Digital technology: Safe and responsible use in schools

This guide provides principals and teachers with the information to act confidently and in the best interests of students with regard to digital technology. 

1. Intimate photos taken with a smartphone

Students ‘A’ and ‘B’ were in a relationship that ended acrimoniously. Student ‘A’ complained to the Dean that Student ‘B’ had some intimate photos of her on his smartphone, which he had threatened to send to others. Student ‘A’ was distraught and asked the Dean to confiscate Student ‘B’’s phone and delete the photos.

  • Incident response
    • Is unlawful conduct involved?

      Depending on the context surrounding this incident an unlawful act may have already taken place. For example, were the images:

      • taken covertly by Student ‘B’ i.e. without Student ‘A’’s knowledge or consent?
      • being used to intimidate, threaten or harass Student ‘A’?
      • obtained through coercion or through other predatory behaviour?

      If it is believed that a criminal offence has occurred referring this matter to the Police is the appropriate course of action. Prior to handing a device to the Police, ensure that it is managed in an electronically secure way.

      If the images were published as threatened by Student ‘B’, this action could either be an infringement of civil law (e.g. Student ‘A’ could own the copyright of the images or have their privacy invaded by this action) or a criminal offence (e.g. if Student ‘A’ was a child).

      Depending on the context, there could also be other problematic online or offline behaviours such as the threat of, or actual, physical harm. If the school has reason to believe that a criminally unlawful act has occurred the Police should be contacted directly for advice. For infringements of civil law the school should follow its relevant policies.

      Does the Education and Training Act 2020 apply to this scenario?

      Regardless of whether unlawful conduct is involved; the reported behaviour of Student ‘B’ was inappropriate and it has had an immediate impact on the emotional safety of a student and possibly the school’s wider learning environment. The school can respond to the threat to publish the images on the basis that, if carried out, this will have a potentially harmful effect on Student ‘A’. The primary goal for the school is to prevent the images from being published online, as this future action would impact on Student ‘A’.

      Is confiscation (surrender) of the device an appropriate course of action?

      Surrender and retainment of the device are appropriate actions in this scenario, primarily because there is good reason to believe that the phone provides a channel for publishing the images. The images may already have been copied to another device or uploaded to the internet, perhaps to a file storage website.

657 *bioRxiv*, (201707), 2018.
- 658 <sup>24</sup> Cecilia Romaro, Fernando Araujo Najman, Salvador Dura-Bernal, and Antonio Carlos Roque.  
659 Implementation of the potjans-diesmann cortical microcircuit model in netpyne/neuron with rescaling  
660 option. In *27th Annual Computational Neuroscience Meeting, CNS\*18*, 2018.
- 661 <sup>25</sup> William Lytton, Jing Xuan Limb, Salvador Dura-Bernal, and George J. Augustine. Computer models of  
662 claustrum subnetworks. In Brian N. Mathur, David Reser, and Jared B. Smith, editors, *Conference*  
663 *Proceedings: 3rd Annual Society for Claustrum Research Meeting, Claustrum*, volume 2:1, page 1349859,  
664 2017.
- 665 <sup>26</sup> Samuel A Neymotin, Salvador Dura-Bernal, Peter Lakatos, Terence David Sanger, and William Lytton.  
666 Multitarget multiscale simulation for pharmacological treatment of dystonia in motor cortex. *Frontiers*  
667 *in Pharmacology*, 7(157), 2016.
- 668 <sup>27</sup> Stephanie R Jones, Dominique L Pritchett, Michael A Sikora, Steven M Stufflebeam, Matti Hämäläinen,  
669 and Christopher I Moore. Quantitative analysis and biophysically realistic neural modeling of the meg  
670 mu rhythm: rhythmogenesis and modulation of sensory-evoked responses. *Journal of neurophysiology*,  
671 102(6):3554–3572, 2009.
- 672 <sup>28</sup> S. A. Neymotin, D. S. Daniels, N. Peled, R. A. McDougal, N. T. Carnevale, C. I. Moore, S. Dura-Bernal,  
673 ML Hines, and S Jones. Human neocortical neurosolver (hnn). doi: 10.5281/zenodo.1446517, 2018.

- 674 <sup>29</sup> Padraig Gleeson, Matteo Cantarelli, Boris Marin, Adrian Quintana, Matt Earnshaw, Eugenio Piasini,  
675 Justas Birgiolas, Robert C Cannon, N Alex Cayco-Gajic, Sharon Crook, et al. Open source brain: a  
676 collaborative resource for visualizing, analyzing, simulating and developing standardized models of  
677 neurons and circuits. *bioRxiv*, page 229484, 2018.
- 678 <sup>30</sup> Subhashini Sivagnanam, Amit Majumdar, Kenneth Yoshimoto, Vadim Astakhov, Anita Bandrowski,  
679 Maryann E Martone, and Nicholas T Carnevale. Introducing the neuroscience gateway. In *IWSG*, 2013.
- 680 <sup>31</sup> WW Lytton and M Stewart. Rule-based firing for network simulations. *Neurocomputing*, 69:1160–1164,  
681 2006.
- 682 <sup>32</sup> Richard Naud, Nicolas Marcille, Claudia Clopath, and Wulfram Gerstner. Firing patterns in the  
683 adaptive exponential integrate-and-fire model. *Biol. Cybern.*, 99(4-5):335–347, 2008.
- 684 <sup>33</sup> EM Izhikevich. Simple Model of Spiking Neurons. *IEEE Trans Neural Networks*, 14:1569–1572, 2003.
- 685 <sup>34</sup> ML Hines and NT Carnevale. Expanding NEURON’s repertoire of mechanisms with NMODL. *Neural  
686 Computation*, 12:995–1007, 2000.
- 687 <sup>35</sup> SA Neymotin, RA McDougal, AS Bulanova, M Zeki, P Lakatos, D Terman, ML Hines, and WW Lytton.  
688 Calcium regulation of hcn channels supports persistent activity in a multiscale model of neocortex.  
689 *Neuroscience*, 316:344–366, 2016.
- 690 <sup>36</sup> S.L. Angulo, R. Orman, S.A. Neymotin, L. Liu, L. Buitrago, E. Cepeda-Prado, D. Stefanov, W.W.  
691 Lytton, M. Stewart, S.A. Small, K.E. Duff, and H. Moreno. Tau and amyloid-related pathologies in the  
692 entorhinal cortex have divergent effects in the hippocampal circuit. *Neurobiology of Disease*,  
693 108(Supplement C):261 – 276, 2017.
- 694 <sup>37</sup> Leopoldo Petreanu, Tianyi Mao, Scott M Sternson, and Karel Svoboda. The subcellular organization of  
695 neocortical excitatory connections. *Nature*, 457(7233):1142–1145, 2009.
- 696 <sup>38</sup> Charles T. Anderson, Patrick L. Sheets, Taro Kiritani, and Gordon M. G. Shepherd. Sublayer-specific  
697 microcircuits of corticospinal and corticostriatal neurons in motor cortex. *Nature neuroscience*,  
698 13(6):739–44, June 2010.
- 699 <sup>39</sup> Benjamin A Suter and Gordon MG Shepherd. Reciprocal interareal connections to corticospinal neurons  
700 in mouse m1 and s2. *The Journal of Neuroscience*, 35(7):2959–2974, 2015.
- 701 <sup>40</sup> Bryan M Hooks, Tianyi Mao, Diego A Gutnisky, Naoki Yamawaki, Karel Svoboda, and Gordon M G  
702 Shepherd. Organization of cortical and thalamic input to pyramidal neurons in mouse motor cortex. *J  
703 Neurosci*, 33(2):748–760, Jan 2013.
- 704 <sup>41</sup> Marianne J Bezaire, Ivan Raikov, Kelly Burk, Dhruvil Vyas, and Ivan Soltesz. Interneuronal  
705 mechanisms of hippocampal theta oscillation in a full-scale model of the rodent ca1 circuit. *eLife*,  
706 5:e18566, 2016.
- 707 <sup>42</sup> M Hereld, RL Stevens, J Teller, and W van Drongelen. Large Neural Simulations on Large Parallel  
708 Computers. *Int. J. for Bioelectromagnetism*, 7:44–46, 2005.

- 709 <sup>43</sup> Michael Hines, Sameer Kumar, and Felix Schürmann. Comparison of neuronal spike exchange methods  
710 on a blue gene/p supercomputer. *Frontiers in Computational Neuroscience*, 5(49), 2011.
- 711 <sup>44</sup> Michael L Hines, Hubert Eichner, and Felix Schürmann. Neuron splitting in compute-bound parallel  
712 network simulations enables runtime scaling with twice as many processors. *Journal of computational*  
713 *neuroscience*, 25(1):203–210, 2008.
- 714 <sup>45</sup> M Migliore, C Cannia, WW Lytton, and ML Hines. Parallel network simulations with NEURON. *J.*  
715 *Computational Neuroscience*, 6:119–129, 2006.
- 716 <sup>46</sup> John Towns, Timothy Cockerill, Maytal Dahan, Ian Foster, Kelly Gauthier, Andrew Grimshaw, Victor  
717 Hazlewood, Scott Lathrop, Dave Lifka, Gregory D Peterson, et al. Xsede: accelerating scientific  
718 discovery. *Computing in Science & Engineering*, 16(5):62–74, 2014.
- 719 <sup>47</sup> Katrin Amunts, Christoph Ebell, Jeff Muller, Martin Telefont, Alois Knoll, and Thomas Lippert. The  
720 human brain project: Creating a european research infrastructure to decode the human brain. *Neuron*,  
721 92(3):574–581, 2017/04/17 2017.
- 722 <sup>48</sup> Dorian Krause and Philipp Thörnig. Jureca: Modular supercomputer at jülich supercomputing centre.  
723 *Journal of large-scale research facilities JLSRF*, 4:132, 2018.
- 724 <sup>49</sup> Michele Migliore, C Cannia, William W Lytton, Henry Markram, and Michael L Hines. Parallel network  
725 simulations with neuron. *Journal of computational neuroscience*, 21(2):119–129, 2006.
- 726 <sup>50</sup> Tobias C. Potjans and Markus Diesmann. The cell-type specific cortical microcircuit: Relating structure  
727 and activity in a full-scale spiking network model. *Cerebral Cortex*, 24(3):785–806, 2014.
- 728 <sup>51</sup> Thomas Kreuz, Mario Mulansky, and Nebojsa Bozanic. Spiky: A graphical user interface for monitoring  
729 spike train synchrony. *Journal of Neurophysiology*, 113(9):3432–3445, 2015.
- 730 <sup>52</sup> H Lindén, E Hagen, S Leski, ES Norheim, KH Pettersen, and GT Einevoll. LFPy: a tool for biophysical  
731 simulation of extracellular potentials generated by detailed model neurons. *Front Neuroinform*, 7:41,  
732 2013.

Is deletion an appropriate course of action?

      Key questions that will inform schools whether requesting the deletion of the images is appropriate are: “If it were possible, would the act of deleting the images in and of itself resolve the issue and minimise the harm?” and “Will deleting images from the phone prevent the images from being published at some point in the future?” The most likely answers to these questions are “no” and “possibly”.

      An effective solution will have a strong focus on Student ‘B’’s behaviour. For example, does Student ‘B’ understand that ‘trust in a relationship’ is a principle recognised in civil and criminal law i.e. that such intimate images need to be treated appropriately during and after the relationship ends

  • Questions and comments
      • Is this inappropriate or unlawful conduct? Factors to consider include:
        • Are the images objectionable material? Refer to page 45 for definition.
        • Is age an important factor in this incident? For example, the images could constitute objectionable material, depending on the age of Student 'A'. Is Student 'B' an adult and Student 'A' a child?
        • Were the images taken covertly, without the knowledge or consent of the person? (Note that images taken with legal consent are not covered by law)
        • Is there an element of coercion? For example, blackmail for more images, images of friends or money?
        • Is there an element of threatening, intimidating or harassing behaviour relating to physical harm to person or property (as defined by the law)?
        • Did Student 'A' take the original image? If so, Student ‘A’ owns the copyright and permission would be required from Student 'A' for the images to be published.
      • The phone and the images are important, but the primary focus is on student behaviour.
      • The threat to publish the images is clear, but is it an isolated event? What is the wider context of this incident? Has the dispute between the students been ongoing and, if so, how has this manifested itself? Is the whole problem understood?
      • Student 'B' has been identified by Student 'A', meaning that online anonymity is obviously not an issue. Both students can be easily interviewed, and, if required, their parents/caregivers contacted.
      • Even though Student 'B' is easily identified, consider that there are likely to be 'bystanders' to this incident. Is it useful to locate them? If so, how?
      • Is deletion an appropriate response to resolving the issue? For example, deletion from the phone may not achieve the desired result. To successfully delete all copies requires knowing and accessing all places it is stored.
      • If a school is overtaken by events and the images are posted online, a request can be made to the hosting service for them to be removed. Seek advice from NetSafe on this.